In my family, we don’t tell stories. We are reserved and refrain from either gossip or boasting, in part because of our northern European heritage with its inherent emotional reticence, compounded by a Calvinist view of gossip and boasting as two sides of the same sin, pride. The result is a family lore as depauperate as forest on exposed granite; stories—like plants—struggle to sprout on its meager soil.
I wrote those words in my memoir Walking Nature Home, to illustrate a challenge in finding my writing voice: I know so little about the people I come from. Their stories are as obscure as the view of my great-grandmother Mira’s apartment in the photo above.
My parents, both only children, didn’t share my fascination with their families. The only clues I had of the fascinating lives of my forebears came in the artifacts scattered through my grandparents’ houses, including my great-grandmother Mira’s writing and my great-grandmother Jennie’s impressionist landscape paintings.
The people who could explain those artifacts are gone: my great-grandparents, including the botanist great-granddad who studied deserts around the world, and whose research I discovered only as an adult; my grandparents; and now my mom, who died a year ago February.
As a story-collector, I cherish those tales that come my way, like the one my grandmother Janet told then-ten-year-old Molly, about riding her horse, Danny Boy, all the way up the East Bay when her family moved from their farm near San Jose (what is now Silicon Valley) to a house in the Berkeley Hills so she could attend UC-Berkeley.
Molly shares my fascination with family stories, so when we were planning my recent visit to she and Mark in San Francisco, I asked if she’d be interested in spending a day in Berkeley exploring the neighborhood where my mom grew up. Molly was all for it.
On the appointed day, they drove me through downtown San Francisco and across the Bay Bridge. Molly navigated through the UC-Berkeley campus, where my parents met, he a grad student in Organic Chemistry, she an undergrad majoring in history and music.
Our destination: 1631 La Vereda Road, the address in the north Berkeley Hills I had found for my great-grandparents, Dr. William Austin Cannon (the desert botanist) and Jennie Vennerstrom Cannon (the painter). We wound uphill on steep, narrow and switch-backing streets, and not only found the house, I recognized it from childhood walks with my granddad. We parked there, admired the view through the trees of the iconic campanile, bell-tower, on the UC-Berkeley campus, and set off downhill to explore the rest of the neighborhood.
At mid-afternoon, we puffed our way back up those same steep hills to La Vereda Road and the car. I noticed a man unlocking the front door at my great-grandparents’ house.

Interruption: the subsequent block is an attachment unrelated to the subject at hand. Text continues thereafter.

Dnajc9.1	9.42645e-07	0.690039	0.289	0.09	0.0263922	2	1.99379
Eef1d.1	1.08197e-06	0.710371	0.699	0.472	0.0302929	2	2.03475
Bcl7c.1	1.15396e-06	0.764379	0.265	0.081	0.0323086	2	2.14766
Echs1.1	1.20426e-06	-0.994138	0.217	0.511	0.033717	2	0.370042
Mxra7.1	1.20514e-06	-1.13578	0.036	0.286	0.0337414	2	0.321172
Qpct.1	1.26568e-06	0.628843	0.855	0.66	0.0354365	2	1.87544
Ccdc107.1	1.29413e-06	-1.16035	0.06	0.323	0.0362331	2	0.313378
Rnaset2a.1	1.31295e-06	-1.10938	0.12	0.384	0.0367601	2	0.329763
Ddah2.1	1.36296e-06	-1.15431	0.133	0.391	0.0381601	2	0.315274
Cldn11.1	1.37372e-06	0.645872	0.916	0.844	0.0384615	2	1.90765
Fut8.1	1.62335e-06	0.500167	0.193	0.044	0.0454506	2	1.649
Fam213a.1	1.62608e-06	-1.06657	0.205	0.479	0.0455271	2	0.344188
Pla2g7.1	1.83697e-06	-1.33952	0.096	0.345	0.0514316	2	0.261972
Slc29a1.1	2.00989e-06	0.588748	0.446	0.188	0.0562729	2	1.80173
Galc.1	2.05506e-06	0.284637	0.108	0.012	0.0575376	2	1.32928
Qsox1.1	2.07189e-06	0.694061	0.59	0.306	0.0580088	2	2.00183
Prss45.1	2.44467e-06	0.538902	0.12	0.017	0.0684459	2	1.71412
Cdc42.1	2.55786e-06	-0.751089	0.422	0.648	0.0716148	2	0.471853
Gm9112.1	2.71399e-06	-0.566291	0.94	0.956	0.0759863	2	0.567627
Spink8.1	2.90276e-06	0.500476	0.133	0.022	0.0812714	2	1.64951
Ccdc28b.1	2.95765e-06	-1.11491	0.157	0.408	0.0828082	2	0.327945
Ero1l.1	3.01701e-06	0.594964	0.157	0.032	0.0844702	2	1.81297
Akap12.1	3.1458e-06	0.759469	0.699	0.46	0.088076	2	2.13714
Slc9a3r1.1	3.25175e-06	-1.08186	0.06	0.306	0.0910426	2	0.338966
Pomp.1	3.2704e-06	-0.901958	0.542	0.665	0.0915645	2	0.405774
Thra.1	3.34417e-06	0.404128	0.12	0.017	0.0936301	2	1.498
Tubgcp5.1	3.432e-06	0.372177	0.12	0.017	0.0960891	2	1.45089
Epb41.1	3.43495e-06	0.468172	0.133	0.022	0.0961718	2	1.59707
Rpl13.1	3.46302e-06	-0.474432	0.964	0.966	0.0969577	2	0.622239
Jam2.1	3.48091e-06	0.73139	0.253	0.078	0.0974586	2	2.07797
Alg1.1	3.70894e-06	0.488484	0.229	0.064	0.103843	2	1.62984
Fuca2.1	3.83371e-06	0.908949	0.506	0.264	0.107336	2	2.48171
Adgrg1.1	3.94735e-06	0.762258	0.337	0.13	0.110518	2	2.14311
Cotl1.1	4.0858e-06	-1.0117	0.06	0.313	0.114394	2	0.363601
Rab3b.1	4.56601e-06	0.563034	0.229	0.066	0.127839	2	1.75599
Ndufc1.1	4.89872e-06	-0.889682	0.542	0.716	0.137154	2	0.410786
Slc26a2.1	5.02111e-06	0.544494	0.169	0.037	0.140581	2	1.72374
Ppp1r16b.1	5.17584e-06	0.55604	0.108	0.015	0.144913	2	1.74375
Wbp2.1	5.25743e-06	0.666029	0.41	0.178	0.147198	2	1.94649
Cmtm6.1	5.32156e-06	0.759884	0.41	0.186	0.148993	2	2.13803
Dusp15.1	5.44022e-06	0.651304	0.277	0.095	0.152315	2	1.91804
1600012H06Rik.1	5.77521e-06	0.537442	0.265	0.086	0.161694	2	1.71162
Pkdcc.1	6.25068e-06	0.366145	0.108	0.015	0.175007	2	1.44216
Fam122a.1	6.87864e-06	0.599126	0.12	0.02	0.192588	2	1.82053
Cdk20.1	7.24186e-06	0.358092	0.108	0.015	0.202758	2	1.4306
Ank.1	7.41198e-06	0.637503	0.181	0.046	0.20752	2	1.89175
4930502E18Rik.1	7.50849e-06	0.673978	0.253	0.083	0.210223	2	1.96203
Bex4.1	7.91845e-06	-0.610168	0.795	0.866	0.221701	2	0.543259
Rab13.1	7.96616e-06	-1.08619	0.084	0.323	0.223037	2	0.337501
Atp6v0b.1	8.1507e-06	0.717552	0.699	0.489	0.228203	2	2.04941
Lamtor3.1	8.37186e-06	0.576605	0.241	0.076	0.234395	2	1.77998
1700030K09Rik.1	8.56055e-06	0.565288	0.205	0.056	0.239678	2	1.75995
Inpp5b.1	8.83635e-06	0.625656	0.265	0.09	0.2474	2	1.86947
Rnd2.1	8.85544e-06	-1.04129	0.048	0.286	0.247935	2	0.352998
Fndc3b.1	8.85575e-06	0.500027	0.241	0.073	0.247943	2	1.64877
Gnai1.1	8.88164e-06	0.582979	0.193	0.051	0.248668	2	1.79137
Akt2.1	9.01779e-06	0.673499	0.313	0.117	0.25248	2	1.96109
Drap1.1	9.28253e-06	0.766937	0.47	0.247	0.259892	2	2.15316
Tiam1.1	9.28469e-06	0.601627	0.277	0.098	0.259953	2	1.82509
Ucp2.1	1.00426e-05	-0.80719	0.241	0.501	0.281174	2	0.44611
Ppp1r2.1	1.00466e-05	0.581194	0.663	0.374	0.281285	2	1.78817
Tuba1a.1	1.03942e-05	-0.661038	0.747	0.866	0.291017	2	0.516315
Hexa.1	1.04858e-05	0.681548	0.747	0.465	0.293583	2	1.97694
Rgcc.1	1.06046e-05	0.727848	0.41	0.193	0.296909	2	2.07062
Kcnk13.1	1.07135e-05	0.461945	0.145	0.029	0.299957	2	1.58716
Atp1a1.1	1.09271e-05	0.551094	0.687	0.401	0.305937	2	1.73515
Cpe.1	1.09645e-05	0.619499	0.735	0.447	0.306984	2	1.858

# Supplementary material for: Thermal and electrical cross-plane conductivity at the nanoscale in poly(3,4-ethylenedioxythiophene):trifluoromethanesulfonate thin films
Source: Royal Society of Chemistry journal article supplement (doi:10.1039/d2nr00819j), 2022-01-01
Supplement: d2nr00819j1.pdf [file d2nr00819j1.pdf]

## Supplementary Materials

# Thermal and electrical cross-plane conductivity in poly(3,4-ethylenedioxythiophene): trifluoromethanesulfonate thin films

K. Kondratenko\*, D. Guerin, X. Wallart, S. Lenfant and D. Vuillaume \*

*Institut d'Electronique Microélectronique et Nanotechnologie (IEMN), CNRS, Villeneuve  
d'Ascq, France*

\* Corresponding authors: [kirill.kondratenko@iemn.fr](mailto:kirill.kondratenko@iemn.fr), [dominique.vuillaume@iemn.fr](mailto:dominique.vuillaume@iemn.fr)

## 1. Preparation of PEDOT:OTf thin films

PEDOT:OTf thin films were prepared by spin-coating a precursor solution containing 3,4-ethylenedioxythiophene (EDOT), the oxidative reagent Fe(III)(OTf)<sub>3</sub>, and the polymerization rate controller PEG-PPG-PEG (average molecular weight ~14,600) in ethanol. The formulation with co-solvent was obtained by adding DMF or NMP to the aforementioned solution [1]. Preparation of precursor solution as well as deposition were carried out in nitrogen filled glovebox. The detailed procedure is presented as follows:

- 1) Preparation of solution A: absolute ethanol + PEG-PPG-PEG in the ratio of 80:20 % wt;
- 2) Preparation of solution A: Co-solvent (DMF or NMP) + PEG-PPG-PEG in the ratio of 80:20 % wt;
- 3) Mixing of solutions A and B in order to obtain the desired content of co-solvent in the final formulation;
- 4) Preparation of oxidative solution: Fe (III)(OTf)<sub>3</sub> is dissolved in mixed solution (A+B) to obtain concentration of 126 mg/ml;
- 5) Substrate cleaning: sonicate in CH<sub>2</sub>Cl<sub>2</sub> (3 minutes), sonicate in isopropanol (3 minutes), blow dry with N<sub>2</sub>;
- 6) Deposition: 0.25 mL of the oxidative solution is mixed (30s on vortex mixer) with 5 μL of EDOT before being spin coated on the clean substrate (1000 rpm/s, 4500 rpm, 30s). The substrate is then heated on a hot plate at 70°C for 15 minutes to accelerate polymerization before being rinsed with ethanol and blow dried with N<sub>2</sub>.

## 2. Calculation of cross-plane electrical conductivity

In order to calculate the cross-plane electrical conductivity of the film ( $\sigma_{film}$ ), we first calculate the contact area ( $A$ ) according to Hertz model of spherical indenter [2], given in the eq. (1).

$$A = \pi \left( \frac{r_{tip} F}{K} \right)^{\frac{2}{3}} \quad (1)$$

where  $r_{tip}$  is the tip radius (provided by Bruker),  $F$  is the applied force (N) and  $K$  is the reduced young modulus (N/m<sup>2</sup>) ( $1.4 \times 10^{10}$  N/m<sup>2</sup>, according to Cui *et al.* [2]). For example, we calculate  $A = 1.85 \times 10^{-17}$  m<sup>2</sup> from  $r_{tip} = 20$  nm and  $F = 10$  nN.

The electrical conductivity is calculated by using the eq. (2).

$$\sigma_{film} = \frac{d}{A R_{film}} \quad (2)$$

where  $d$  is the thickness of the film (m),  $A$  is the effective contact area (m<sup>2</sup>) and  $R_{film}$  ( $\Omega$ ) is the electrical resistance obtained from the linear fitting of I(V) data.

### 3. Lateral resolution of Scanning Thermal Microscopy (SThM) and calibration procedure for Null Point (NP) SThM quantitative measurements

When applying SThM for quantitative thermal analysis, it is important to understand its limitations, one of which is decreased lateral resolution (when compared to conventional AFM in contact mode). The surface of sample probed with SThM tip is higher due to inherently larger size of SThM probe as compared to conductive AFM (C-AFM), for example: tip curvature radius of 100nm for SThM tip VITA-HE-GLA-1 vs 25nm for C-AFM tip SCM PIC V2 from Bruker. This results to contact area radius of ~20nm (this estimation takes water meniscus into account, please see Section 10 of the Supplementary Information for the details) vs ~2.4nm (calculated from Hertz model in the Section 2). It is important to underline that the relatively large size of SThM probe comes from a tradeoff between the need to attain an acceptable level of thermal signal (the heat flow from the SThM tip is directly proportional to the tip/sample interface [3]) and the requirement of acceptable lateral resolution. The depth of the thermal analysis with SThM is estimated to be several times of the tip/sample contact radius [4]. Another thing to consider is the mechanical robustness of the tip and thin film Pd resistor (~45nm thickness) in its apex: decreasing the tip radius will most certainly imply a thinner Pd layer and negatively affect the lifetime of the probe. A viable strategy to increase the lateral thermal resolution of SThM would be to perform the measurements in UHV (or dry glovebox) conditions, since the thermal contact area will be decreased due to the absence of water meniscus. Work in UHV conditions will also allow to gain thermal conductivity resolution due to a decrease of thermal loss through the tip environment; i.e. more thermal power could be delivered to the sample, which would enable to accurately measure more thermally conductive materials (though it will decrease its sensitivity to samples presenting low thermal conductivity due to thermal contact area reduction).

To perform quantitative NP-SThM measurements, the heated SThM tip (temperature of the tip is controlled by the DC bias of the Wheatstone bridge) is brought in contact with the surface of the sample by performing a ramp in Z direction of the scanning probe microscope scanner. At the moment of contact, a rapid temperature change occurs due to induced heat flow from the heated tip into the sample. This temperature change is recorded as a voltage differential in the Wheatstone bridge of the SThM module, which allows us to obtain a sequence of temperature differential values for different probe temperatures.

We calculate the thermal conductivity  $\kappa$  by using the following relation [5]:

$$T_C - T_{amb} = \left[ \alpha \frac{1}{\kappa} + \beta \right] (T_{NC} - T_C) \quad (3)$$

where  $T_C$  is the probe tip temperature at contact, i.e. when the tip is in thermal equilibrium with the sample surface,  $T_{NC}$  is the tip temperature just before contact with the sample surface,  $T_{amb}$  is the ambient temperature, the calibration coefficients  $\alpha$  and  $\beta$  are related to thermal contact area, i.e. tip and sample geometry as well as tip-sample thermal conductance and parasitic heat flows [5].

On impulse, I called, “Do you live here?”
He turned and looked down at the street.
“I don’t mean to be rude,” I said. “This was my great-grandparents’ house.”
“Who were they?”
“Dr. William Austin Cannon,” I said, and he interrupted,
“Any relation to Jennie?”
“She was his wife,” I said. “How do you know her?”
“Everyone here knows Jennie,” he said. “This was an artist’s enclave back then, and she was a key part of it.”
I was stunned. I had no idea. A guy who had never met my family knew more about my great-grandmother than I did.
I thanked him, and he turned to go inside. I didn’t even think to ask his name.
As Molly navigated carefully down that steep bit of street, I looked one more time at the view from my great-grandmother’s house. And another chunk of family story fell into place.
I had always wondered about the odd foreshortened perspective in one of her paintings, “The Campanile,” a view of that bell-tower. Now I could see Jennie had painted it from her front porch high above the campus, only she turned the tower a quarter turn in the painting.
Having seen her view, I feel a bond with the great-grandmother who died not long before I was born, and the world she lived in. She was a noted California painter in the early 20th century, a time when the terms “noted painter” and “woman” did not often go together.
I’m no artist, but I’ve always gone against the tide in my work. I have also always loved to find a high point and look for the stories in the landscape spread out below. Perhaps those are her gifts.
Thanks, Molly and Mark, for exploring Berkeley with me. And thanks, Jennie, for sharing your view.